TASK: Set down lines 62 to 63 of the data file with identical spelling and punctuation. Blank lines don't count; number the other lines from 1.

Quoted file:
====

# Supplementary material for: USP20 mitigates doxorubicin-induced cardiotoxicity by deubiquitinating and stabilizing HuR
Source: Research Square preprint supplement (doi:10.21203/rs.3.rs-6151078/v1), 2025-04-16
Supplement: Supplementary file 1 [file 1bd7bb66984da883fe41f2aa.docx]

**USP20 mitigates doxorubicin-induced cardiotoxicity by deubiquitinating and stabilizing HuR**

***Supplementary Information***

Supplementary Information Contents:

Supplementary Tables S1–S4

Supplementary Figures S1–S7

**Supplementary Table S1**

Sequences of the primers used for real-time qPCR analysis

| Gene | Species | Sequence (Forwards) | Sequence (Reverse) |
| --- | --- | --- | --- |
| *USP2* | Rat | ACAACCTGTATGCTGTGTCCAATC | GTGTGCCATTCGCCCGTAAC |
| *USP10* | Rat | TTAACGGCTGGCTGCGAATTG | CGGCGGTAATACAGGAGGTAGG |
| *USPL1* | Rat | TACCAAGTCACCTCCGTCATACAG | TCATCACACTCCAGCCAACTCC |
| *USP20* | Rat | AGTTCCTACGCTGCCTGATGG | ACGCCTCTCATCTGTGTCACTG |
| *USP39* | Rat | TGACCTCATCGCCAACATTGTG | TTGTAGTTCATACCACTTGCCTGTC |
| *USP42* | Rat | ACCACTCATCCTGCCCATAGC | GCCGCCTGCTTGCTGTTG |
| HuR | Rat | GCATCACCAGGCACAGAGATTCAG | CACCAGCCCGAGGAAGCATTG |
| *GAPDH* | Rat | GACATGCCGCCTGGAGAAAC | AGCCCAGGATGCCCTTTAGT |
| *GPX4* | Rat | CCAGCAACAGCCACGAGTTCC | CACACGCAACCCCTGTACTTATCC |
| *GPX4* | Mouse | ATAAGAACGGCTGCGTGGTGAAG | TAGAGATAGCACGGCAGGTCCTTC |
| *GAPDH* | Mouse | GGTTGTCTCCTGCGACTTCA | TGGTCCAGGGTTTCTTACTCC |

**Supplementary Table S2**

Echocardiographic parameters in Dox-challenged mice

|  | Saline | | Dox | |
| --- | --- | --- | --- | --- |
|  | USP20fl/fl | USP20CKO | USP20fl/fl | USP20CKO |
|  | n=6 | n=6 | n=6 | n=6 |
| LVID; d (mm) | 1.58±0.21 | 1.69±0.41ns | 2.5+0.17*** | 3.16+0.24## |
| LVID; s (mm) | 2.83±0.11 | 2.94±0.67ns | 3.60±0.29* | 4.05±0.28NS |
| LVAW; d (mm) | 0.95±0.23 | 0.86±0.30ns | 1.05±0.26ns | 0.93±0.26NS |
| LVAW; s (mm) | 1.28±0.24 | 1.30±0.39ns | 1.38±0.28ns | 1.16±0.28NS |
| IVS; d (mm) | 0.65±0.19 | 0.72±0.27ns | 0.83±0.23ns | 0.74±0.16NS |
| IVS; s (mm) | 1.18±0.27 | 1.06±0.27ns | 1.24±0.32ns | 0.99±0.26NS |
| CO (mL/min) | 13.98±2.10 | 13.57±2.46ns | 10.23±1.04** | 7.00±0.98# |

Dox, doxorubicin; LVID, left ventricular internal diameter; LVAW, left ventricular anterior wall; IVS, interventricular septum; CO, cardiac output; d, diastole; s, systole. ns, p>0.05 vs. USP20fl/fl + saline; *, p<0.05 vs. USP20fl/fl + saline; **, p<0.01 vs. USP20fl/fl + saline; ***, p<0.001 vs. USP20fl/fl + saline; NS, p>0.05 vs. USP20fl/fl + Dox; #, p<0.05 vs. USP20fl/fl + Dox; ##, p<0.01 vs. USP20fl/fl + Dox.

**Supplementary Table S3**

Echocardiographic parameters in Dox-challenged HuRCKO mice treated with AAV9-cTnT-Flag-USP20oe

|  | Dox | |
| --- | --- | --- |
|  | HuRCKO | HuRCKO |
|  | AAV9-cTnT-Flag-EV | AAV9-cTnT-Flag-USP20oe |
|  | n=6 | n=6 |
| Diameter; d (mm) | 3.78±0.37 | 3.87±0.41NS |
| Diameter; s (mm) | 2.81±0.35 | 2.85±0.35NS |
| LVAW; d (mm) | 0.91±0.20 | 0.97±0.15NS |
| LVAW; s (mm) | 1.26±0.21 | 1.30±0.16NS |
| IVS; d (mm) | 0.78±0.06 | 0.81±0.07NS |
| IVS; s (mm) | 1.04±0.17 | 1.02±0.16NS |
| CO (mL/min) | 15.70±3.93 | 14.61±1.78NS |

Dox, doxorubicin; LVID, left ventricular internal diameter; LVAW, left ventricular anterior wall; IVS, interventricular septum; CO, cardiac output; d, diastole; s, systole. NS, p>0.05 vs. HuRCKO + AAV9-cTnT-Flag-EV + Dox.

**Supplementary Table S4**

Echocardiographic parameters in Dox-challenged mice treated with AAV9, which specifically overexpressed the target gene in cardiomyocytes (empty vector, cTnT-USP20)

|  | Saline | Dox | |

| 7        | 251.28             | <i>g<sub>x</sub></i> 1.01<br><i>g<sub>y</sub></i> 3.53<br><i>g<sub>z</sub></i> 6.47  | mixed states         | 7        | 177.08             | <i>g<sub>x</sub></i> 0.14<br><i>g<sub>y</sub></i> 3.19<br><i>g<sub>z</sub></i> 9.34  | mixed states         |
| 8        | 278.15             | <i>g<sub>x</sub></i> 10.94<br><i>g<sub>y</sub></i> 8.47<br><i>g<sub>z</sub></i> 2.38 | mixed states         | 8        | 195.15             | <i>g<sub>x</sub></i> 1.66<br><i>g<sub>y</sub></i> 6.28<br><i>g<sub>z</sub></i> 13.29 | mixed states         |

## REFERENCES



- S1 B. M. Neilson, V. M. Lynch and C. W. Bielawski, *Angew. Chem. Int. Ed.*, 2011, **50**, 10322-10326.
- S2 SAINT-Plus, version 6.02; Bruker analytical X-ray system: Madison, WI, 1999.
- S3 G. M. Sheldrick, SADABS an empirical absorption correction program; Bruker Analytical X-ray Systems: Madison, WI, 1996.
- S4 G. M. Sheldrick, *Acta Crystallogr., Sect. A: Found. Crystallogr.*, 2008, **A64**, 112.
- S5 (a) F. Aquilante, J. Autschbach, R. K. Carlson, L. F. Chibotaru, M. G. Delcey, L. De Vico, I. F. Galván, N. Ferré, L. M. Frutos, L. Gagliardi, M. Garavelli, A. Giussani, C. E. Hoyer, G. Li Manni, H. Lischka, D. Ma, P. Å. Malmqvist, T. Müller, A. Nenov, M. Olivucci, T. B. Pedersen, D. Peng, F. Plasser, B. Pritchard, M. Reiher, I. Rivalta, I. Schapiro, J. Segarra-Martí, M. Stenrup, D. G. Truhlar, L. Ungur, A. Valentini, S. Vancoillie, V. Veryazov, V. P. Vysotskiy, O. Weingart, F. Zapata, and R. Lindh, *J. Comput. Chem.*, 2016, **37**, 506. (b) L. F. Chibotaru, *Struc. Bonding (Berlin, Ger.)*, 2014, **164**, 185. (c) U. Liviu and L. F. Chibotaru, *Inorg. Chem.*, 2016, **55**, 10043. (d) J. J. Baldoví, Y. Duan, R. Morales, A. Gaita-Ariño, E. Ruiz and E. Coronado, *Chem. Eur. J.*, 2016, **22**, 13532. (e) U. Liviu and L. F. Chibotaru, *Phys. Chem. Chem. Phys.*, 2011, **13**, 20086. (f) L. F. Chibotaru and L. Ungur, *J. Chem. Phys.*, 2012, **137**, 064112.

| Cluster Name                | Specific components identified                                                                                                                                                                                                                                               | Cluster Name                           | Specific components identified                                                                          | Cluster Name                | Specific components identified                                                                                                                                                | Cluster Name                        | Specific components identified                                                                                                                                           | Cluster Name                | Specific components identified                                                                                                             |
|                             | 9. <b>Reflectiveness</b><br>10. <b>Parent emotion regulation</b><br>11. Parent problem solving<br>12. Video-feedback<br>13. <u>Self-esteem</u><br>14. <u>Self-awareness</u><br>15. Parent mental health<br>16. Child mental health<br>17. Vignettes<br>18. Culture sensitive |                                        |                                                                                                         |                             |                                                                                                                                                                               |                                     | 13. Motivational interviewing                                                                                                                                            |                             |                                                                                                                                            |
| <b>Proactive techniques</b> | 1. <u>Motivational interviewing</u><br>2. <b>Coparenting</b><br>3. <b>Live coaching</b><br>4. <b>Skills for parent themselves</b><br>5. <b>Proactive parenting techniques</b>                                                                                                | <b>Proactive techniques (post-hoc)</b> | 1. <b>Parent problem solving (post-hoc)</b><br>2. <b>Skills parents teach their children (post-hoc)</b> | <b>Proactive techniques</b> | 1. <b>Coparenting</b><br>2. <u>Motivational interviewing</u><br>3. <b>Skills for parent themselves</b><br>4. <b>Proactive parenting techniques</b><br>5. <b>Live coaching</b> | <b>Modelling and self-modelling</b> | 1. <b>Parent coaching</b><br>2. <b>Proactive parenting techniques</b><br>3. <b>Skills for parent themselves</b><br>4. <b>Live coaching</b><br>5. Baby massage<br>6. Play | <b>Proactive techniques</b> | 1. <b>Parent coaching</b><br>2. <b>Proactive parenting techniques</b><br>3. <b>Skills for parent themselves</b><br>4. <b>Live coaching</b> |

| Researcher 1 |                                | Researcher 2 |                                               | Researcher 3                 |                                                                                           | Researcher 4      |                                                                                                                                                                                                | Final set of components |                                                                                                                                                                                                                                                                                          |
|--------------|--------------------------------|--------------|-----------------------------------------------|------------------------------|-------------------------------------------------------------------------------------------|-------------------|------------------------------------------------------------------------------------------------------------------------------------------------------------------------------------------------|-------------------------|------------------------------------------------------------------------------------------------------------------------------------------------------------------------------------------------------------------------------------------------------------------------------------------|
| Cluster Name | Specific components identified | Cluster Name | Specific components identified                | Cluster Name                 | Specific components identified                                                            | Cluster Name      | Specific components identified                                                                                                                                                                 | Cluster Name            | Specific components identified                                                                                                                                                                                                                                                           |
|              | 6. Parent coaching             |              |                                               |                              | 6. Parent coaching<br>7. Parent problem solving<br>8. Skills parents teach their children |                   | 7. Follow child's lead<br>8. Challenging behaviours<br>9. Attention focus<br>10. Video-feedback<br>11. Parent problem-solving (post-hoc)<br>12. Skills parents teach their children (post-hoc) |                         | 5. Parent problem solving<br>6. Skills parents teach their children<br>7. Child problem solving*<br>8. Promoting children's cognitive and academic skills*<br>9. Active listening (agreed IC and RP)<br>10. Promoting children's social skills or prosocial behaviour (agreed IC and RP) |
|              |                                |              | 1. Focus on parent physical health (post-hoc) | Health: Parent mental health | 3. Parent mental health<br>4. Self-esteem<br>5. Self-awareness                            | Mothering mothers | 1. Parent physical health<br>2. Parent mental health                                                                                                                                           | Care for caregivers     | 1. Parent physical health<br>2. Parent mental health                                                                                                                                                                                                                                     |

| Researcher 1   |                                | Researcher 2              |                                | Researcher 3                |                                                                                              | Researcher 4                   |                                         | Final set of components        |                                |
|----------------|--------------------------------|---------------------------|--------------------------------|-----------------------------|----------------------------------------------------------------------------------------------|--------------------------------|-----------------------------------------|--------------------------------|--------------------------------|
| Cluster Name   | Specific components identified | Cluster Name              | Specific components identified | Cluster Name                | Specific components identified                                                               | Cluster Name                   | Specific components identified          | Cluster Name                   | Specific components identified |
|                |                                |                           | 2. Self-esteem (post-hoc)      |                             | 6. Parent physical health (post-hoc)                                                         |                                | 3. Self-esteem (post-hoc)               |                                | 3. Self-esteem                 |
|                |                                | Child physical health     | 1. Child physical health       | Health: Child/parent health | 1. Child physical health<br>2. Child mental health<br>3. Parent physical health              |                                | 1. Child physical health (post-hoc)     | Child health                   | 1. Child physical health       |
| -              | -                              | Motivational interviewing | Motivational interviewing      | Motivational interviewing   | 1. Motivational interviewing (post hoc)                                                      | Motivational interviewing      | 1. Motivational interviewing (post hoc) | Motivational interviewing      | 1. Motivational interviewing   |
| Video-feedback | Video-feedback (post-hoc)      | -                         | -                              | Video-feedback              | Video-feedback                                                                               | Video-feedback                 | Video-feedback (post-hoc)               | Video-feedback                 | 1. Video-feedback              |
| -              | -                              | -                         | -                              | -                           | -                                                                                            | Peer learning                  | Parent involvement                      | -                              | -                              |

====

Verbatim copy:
- S4 G. M. Sheldrick, *Acta Crystallogr., Sect. A: Found. Crystallogr.*, 2008, **A64**, 112.
- S5 (a) F. Aquilante, J. Autschbach, R. K. Carlson, L. F. Chibotaru, M. G. Delcey, L. De Vico, I. F. Galván, N. Ferré, L. M. Frutos, L. Gagliardi, M. Garavelli, A. Giussani, C. E. Hoyer, G. Li Manni, H. Lischka, D. Ma, P. Å. Malmqvist, T. Müller, A. Nenov, M. Olivucci, T. B. Pedersen, D. Peng, F. Plasser, B. Pritchard, M. Reiher, I. Rivalta, I. Schapiro, J. Segarra-Martí, M. Stenrup, D. G. Truhlar, L. Ungur, A. Valentini, S. Vancoillie, V. Veryazov, V. P. Vysotskiy, O. Weingart, F. Zapata, and R. Lindh, *J. Comput. Chem.*, 2016, **37**, 506. (b) L. F. Chibotaru, *Struc. Bonding (Berlin, Ger.)*, 2014, **164**, 185. (c) U. Liviu and L. F. Chibotaru, *Inorg. Chem.*, 2016, **55**, 10043. (d) J. J. Baldoví, Y. Duan, R. Morales, A. Gaita-Ariño, E. Ruiz and E. Coronado, *Chem. Eur. J.*, 2016, **22**, 13532. (e) U. Liviu and L. F. Chibotaru, *Phys. Chem. Chem. Phys.*, 2011, **13**, 20086. (f) L. F. Chibotaru and L. Ungur, *J. Chem. Phys.*, 2012, **137**, 064112.